'time well spent'.
You might possibly have been wondering about the party for my students....the 3rd Annual Debbie and Friends Holiday Celebration that was last Wednesday....or not, I don't know.
I'm just assuming you might be because I've gotten some e-mails from friends
First of all....the dress?
Gorgeous. I looked so pretty...and kept singing that
"I feel pretty...oh so pretty..." song most of the evening.
The party itself?
One week later, I'm still a bit 'tingly' thinking about it. Two years ago, when I first had this shindig, 58 students were there. Last year, there were 47.
Yeah...you read that right. 80.
I had to laugh when the guy in charge asked me if this was a 'school party'.
No. Just me.
The oldest student is 88.
The youngest is 8...with many ages in-between
I didn't take very many pictures at all of the evening...too busy making sure it all went as planned.
The pictures I do have are ones that students have sent me.
There was entertainment....a speech (all in English) about Ernest Hemingway, some singing (one traditional Enka-style song and the other was acappella...opera-esque...Christmas music...I may have cried!), shamisen (traditional Japanese instrument) and bagpipe performances (yeah, bagpipe...one of my students spent a year in Scotland studying the pipes, Highland dance and English!), hula (three ladies from one of the groups I dance with came).
We had a lottery style present giveaway. There were about 25 gifts that were donated, most were handmade by students....jewelry, a decorative box, two hand knitted scarves from my Mom, a beautiful Christmas wreath, a bottle of French wine...to name a few.
But, the most popular ones were the handmade bags that one of my ladies does....a few of them were leather, some were from kimono material, and then there were a couple that were a mixture. The winners of those are never disappointed.
Then....a bag filled with 15 more presents (bags of potpourri, I think) was found, which gave 15 more people something they could take home. I'm still not sure who it was exactly that brought those, but I have a good idea. What a sweet thing to do.
Each person got a goody bag that I had put together.
(Where "made" means gluing material and small Christmas ornaments,
then sticking small magnets on the back.)
At each table, one person got a special "door prize"....the K-man went around and drew a star on the inside of one clothespin...that person got a bag Pepperidge Farms' cookies. One of my students donated a case of Veronas....there were 8 tables and 12 bags in a case...perfect. Some for my students...some for the Kuroiwa Family.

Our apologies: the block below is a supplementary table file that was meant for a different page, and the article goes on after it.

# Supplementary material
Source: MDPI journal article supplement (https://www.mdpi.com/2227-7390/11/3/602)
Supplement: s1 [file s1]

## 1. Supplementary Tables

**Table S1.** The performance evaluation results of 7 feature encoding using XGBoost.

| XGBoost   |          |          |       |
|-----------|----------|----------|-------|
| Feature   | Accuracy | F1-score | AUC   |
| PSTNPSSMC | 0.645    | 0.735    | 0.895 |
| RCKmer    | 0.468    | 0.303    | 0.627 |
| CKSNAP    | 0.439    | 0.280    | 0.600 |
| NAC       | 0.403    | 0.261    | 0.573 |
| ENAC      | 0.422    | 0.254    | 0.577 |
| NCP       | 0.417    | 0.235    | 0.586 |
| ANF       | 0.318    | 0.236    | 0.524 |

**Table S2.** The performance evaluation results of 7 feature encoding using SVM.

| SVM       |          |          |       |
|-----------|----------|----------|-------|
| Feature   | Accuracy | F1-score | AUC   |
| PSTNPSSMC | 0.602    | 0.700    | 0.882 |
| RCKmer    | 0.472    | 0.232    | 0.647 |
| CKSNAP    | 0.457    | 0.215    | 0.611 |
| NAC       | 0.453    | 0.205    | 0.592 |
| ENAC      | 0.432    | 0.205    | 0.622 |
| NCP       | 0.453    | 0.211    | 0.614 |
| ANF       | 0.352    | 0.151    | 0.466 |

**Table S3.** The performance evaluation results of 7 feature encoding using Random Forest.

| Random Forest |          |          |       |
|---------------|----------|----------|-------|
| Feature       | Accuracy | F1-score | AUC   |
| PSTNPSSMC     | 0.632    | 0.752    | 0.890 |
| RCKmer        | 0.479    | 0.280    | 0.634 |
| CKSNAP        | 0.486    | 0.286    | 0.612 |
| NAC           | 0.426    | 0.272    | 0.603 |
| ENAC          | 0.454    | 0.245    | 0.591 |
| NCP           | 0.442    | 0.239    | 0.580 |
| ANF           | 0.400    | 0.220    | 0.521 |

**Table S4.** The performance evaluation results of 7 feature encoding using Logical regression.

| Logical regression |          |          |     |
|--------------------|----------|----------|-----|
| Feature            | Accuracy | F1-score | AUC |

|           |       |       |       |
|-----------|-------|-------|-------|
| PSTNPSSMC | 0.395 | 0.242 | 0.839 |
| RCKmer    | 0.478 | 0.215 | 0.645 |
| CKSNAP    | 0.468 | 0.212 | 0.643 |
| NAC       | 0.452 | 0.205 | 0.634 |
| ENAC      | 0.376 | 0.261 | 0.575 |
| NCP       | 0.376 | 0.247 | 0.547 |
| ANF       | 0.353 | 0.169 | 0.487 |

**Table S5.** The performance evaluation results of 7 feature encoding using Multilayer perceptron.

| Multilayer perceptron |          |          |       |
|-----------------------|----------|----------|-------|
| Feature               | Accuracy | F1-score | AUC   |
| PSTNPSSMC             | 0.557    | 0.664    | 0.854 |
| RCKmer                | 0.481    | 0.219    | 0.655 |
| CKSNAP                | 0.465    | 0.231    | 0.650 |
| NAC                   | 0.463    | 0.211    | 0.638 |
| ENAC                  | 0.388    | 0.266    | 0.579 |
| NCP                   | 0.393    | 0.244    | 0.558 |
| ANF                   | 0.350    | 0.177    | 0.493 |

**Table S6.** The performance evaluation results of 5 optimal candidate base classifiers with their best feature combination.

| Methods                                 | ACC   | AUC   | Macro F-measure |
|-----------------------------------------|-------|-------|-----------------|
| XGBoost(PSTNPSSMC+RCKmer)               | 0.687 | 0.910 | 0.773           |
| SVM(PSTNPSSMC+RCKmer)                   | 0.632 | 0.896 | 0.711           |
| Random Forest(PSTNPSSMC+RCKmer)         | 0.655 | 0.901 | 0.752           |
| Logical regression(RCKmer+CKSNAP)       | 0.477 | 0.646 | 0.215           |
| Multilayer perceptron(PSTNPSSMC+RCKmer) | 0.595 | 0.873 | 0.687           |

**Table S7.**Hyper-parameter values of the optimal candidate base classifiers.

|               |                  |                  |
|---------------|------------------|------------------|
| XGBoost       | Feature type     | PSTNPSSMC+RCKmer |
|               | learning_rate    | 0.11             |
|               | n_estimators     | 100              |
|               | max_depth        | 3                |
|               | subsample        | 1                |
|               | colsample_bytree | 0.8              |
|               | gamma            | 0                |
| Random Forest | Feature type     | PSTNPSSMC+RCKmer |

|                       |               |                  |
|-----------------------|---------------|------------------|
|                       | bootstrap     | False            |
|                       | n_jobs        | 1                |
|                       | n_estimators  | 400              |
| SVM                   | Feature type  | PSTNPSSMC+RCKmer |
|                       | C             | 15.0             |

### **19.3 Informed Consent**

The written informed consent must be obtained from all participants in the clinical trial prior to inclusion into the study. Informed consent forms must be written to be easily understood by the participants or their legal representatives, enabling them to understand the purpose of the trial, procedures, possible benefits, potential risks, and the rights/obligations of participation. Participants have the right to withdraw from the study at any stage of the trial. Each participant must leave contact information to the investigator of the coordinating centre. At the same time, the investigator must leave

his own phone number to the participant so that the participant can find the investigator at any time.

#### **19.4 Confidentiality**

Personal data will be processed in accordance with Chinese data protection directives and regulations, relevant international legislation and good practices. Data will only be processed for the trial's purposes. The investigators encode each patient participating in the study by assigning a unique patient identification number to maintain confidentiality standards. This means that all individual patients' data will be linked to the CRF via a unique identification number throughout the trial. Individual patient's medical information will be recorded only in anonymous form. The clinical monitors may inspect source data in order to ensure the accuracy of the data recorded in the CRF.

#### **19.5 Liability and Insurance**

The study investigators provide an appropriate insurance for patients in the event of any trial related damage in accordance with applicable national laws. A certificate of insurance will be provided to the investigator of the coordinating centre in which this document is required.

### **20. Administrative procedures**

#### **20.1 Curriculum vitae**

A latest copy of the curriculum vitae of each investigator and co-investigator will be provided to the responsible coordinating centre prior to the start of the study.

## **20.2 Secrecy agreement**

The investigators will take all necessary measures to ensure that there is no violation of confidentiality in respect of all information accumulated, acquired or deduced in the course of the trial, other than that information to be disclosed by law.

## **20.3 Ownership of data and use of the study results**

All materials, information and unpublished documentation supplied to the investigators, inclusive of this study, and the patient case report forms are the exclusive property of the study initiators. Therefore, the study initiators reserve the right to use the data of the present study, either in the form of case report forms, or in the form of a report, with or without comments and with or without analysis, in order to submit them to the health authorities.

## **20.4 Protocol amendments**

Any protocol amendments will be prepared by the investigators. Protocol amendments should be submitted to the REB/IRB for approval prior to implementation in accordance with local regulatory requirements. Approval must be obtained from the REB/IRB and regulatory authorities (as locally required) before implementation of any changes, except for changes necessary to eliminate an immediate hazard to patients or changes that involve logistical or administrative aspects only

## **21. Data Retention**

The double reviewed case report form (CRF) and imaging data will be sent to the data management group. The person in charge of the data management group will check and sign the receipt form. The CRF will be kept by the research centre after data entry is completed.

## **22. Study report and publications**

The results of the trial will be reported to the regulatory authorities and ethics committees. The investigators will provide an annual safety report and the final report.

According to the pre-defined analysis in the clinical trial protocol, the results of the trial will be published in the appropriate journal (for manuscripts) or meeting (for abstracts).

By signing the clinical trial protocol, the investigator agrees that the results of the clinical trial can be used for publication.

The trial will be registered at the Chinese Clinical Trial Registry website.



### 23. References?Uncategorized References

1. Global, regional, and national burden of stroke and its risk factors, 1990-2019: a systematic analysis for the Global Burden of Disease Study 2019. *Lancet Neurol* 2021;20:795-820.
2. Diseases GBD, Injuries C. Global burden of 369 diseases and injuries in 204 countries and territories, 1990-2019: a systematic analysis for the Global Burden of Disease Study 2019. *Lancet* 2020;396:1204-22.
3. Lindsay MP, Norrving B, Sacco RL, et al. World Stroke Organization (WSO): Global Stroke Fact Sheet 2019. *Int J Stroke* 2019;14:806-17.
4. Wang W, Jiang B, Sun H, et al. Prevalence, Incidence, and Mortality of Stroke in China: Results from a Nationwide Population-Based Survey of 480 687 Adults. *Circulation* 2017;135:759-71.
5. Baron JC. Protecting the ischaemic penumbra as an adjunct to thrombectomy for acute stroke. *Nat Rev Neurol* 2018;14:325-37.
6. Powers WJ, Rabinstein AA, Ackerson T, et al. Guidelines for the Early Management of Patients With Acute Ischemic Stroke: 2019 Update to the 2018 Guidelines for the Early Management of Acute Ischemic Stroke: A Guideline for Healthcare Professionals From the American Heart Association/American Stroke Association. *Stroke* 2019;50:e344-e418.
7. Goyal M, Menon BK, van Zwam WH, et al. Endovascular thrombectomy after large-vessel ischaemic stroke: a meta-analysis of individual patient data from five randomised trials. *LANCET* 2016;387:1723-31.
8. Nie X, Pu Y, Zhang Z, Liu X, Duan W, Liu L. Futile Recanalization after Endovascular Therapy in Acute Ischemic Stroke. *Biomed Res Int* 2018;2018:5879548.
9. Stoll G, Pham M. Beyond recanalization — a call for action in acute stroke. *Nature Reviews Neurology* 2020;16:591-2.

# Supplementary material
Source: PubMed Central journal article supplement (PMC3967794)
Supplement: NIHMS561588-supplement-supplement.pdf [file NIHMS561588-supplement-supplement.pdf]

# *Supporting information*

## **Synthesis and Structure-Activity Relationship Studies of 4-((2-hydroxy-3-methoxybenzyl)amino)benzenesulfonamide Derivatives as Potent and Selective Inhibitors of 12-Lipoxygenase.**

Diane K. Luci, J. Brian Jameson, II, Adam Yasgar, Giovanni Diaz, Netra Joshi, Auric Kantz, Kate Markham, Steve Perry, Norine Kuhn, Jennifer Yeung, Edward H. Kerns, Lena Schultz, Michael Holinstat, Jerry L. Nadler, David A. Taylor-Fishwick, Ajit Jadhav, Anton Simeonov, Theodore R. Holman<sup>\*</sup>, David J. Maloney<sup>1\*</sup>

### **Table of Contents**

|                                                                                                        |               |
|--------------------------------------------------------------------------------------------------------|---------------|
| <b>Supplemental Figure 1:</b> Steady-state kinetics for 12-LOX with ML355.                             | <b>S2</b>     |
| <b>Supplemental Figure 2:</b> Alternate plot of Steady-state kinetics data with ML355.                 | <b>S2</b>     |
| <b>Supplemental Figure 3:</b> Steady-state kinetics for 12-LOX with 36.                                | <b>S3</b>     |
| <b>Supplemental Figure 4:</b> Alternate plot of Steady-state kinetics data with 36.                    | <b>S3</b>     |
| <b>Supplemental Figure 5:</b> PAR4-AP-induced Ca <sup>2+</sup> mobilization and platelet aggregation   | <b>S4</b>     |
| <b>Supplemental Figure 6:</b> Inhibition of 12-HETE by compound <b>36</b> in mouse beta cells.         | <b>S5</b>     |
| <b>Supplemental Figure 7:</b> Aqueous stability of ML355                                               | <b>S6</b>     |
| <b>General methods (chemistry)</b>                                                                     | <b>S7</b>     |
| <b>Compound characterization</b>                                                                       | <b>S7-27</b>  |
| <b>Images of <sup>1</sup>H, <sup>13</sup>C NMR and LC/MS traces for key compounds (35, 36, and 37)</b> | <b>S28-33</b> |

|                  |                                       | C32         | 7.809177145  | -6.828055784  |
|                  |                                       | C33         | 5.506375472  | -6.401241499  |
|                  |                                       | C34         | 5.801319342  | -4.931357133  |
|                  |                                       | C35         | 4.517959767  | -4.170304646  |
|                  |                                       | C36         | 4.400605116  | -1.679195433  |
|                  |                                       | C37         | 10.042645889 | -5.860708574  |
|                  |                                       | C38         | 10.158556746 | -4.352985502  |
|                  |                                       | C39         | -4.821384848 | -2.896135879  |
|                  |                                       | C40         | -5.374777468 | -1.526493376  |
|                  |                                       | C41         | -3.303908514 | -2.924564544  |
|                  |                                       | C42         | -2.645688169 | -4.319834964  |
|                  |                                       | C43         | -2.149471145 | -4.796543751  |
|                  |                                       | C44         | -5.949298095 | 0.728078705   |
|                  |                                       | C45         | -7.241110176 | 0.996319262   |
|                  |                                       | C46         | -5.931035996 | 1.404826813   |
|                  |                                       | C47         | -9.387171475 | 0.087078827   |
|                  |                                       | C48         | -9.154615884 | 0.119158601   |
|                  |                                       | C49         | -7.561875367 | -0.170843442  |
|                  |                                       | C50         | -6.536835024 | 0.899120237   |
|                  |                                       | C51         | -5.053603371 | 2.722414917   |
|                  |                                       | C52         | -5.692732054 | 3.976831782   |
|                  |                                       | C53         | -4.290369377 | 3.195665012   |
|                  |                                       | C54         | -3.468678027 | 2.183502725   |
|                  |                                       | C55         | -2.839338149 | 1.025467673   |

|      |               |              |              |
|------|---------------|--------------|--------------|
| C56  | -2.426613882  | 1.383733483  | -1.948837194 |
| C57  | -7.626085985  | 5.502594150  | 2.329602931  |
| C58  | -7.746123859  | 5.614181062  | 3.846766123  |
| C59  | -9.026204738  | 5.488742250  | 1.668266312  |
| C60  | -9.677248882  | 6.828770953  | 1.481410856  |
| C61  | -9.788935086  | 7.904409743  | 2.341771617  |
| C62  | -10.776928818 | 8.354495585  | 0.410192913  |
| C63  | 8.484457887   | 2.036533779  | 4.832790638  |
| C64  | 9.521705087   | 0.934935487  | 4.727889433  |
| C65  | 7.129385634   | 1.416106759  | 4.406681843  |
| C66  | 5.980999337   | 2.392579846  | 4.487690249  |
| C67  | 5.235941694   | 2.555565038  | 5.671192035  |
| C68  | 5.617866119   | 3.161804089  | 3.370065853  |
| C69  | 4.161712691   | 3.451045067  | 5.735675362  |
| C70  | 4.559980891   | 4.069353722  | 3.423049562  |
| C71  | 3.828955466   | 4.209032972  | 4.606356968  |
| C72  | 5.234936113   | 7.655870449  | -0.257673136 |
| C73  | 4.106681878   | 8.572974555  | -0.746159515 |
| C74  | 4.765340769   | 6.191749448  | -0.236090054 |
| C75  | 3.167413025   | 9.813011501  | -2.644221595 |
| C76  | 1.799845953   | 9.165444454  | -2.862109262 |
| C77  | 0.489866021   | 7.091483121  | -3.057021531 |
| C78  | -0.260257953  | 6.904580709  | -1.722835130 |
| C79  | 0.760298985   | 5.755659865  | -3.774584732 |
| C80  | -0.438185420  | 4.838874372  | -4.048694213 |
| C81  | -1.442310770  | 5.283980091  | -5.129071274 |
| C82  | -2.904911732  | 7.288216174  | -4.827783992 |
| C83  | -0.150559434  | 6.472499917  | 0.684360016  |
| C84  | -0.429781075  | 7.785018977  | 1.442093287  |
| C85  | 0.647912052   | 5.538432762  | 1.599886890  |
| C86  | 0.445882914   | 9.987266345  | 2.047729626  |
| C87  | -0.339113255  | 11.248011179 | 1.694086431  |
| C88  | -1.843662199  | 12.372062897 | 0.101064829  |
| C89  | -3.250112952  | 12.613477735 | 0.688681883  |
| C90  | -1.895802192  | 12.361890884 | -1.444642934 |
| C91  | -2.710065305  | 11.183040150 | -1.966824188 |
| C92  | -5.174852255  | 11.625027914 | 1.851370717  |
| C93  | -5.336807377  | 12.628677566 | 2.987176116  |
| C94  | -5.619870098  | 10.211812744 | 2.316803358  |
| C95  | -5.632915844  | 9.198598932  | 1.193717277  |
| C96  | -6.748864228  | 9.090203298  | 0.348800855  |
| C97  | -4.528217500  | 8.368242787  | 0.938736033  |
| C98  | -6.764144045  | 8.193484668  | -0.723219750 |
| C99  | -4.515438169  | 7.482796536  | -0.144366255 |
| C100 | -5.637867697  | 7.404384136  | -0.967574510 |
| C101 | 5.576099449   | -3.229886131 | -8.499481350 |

Overheard conversation that made me laugh:
Student 1: Hey! I don't have a star in MY clothespin!!
Student 2: You. Didn't. Win.
Oh...there was also a glass jar filled with various Christmas candies and whoever guessed the closest to how many were in the jar, got the jar...and the candies!!
Sure, it was a lot of hard work.
But...man oh man...it was worth it.
The best part though....was what they didn't see.
We usually bring a gift for a gift exchange...nothing too terribly big or expensive.
But, I decided this year to do something different.
You know how sometimes when someone says "the grass is always greener on the other side"....
sometimes....we are the other side.
My grandfather, when he was alive, always donated money through the church...especially during the holiday season. He also belonged to various organizations that were charitable ones.
In his honor and memory, my students and I helped make Christmas a little bit brighter for 37 kids at one of the orphanages here in Nagasaki City.
My family and I went toy shopping for the younger kids and then we bought gift cards for the junior high and high school kids. Each present was wrapped and labeled.
There was a little money left over so I went back to that really good cookie store downtown and they put together little packets of cookies...45 of them....with three cookies in each packet to give the kids...with a few left over for the Sisters who run the orphanage.
My friend, Hisami, went with me to deliver the presents. The students didn't get them until the 24th, but we got to meet some of the children and the Sisters told them that we had brought surprises for them all.
I got to be "Santa's daughter" and, Hisami and I both agreed that seeing those faces of the children we met, was just about the best thing to happen in a long time.
This wasn't a one-time thing....we'll do this again next year.
One of my students said that many Japanese will think about helping other they might donate money but not really think about what that money is used for or they will forget about helping out all together.
So this? Yeah. This was good.
And personally...it made me feel really, really great.
Merry Christmas, indeed.